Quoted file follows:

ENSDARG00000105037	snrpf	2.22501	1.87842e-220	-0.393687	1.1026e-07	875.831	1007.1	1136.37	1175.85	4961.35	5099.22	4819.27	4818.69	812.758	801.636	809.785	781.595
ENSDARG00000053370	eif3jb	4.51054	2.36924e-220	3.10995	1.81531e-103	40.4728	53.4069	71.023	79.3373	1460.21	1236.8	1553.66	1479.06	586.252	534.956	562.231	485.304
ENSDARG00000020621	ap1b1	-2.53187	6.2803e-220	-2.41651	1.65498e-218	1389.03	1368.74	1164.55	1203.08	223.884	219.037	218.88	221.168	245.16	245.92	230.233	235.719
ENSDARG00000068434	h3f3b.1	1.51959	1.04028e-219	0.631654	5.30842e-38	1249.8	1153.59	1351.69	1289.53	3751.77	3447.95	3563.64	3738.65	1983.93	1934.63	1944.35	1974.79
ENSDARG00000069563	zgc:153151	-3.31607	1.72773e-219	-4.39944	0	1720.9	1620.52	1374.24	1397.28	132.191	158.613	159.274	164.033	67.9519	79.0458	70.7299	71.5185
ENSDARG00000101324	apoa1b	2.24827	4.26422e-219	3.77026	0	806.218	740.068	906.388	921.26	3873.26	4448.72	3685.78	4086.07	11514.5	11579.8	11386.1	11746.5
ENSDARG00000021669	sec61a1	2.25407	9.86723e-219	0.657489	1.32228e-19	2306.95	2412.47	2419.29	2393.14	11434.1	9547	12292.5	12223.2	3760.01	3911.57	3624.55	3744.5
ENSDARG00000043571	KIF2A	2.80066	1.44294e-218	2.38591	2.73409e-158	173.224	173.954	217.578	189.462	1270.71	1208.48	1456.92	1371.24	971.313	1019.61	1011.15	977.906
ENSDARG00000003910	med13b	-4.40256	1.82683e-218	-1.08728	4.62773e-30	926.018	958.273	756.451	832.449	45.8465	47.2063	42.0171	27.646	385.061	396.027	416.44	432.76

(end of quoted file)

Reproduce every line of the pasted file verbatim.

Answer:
ENSDARG00000105037	snrpf	2.22501	1.87842e-220	-0.393687	1.1026e-07	875.831	1007.1	1136.37	1175.85	4961.35	5099.22	4819.27	4818.69	812.758	801.636	809.785	781.595
ENSDARG00000053370	eif3jb	4.51054	2.36924e-220	3.10995	1.81531e-103	40.4728	53.4069	71.023	79.3373	1460.21	1236.8	1553.66	1479.06	586.252	534.956	562.231	485.304
ENSDARG00000020621	ap1b1	-2.53187	6.2803e-220	-2.41651	1.65498e-218	1389.03	1368.74	1164.55	1203.08	223.884	219.037	218.88	221.168	245.16	245.92	230.233	235.719
ENSDARG00000068434	h3f3b.1	1.51959	1.04028e-219	0.631654	5.30842e-38	1249.8	1153.59	1351.69	1289.53	3751.77	3447.95	3563.64	3738.65	1983.93	1934.63	1944.35	1974.79
ENSDARG00000069563	zgc:153151	-3.31607	1.72773e-219	-4.39944	0	1720.9	1620.52	1374.24	1397.28	132.191	158.613	159.274	164.033	67.9519	79.0458	70.7299	71.5185
ENSDARG00000101324	apoa1b	2.24827	4.26422e-219	3.77026	0	806.218	740.068	906.388	921.26	3873.26	4448.72	3685.78	4086.07	11514.5	11579.8	11386.1	11746.5
ENSDARG00000021669	sec61a1	2.25407	9.86723e-219	0.657489	1.32228e-19	2306.95	2412.47	2419.29	2393.14	11434.1	9547	12292.5	12223.2	3760.01	3911.57	3624.55	3744.5
ENSDARG00000043571	KIF2A	2.80066	1.44294e-218	2.38591	2.73409e-158	173.224	173.954	217.578	189.462	1270.71	1208.48	1456.92	1371.24	971.313	1019.61	1011.15	977.906
ENSDARG00000003910	med13b	-4.40256	1.82683e-218	-1.08728	4.62773e-30	926.018	958.273	756.451	832.449	45.8465	47.2063	42.0171	27.646	385.061	396.027	416.44	432.76